By Harsha Vadlamani
In 2005, the central Indian state of Chhattisgarh inaugurated a special counterinsurgency group made up of members of a tribal group known as the Muria. The force was called Salwa Judum, which translates as “Peace March” or “Purification Hunt” in Gondi, and was meant to help the state fight the Maoist insurgency.
The Salwa Judum had important advantages over other security forces: knowledge of Gondi (the language spoken by the Muria people), intimate knowledge of local conditions, familiarity with jungle tracks, and the ability to discern who was a Maoist sympathizer. Conferred with almost unlimited powers, Salwa Judum soon outgrew its mandate, becoming a much-feared force in the jungles of Chhattisgarh.
As the fighting wore on, many Muria sought new homeland. They walked through the thick jungles for days and crossed into the Khammam district of Telangana State. Once in Khammam, the Muria cleared large patches of reserve forest to settle and grow crops. This did not go over well with the local government, which began destroying their settlements by setting them on fire and using brute force to drive the Muria away.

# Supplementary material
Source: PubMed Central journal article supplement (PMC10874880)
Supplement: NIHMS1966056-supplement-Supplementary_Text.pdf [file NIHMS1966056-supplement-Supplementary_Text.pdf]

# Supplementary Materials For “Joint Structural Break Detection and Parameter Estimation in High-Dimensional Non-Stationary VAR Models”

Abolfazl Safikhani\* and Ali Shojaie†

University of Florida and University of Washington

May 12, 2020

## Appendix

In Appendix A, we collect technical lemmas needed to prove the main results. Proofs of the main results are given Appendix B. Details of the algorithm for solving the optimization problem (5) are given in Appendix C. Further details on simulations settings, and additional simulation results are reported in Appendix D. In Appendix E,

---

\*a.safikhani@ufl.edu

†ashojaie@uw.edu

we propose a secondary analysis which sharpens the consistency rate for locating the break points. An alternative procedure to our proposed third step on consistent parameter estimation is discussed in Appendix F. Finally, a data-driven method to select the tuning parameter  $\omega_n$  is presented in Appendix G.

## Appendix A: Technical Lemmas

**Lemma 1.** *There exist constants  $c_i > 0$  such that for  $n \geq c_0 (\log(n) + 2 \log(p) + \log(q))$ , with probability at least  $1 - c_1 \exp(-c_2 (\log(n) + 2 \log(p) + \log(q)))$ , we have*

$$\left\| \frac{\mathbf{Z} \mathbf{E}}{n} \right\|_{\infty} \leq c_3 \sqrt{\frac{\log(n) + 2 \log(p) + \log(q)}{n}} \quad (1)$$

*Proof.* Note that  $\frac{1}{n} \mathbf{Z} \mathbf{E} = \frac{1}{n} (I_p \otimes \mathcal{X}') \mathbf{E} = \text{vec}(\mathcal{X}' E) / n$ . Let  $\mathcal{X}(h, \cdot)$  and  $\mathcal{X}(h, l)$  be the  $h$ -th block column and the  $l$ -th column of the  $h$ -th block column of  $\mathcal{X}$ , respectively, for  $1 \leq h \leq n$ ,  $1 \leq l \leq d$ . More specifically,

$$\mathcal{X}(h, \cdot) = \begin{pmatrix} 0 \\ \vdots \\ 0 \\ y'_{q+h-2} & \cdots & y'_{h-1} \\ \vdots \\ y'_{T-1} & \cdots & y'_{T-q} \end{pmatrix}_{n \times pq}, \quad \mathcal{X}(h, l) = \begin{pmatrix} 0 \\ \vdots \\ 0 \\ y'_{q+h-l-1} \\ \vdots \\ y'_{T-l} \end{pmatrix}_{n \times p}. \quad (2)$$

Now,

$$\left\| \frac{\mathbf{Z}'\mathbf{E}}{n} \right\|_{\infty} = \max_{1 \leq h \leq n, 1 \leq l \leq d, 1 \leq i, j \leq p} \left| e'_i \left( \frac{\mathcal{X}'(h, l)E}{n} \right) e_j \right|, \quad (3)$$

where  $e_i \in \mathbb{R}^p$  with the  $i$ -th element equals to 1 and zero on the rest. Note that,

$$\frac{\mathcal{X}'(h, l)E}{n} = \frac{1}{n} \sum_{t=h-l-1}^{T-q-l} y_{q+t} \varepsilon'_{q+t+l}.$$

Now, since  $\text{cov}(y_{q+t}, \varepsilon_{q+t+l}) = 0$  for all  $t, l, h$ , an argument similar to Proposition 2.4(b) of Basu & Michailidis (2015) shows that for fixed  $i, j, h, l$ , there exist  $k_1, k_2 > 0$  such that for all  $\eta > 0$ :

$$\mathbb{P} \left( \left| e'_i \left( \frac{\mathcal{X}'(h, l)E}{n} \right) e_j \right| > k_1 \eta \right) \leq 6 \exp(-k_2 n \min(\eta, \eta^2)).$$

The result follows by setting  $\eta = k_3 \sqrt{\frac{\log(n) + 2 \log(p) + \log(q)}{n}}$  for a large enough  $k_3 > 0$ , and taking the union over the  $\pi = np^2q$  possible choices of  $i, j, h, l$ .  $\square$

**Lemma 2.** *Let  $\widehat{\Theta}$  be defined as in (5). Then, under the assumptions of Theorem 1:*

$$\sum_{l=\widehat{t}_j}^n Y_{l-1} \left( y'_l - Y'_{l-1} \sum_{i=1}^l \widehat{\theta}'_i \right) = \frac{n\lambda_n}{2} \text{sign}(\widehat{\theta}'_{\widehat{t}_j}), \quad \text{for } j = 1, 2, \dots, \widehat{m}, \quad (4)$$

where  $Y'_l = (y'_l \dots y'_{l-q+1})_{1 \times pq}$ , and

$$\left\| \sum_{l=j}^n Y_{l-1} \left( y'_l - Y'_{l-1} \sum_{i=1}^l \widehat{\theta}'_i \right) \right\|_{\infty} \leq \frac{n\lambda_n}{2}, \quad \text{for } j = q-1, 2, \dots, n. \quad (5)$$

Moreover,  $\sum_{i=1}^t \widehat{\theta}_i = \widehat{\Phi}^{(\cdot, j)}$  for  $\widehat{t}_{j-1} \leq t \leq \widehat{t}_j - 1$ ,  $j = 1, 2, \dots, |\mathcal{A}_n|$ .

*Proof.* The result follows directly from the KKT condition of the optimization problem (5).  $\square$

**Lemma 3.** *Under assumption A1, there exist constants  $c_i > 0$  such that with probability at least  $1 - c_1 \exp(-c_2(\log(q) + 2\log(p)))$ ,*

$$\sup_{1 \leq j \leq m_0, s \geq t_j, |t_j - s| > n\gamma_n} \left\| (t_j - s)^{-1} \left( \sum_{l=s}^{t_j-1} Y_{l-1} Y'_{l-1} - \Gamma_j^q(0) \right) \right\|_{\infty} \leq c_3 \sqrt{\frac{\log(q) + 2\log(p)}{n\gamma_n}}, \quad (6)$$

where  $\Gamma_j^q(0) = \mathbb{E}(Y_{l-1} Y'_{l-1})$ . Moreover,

In 2011, the Supreme Court of India disbanded the Salwa Judum, deeming it an illegal and unconstitutional force. Several NGOs have since facilitated the Muria’s transition back to their original villages, but most of them opted to remain in limbo in Khamman. The memories of home were too painful and the conflict there is still raging on.
HARSHA VADLAMANI is an independent documentary photographer based out of Hyderabad, India.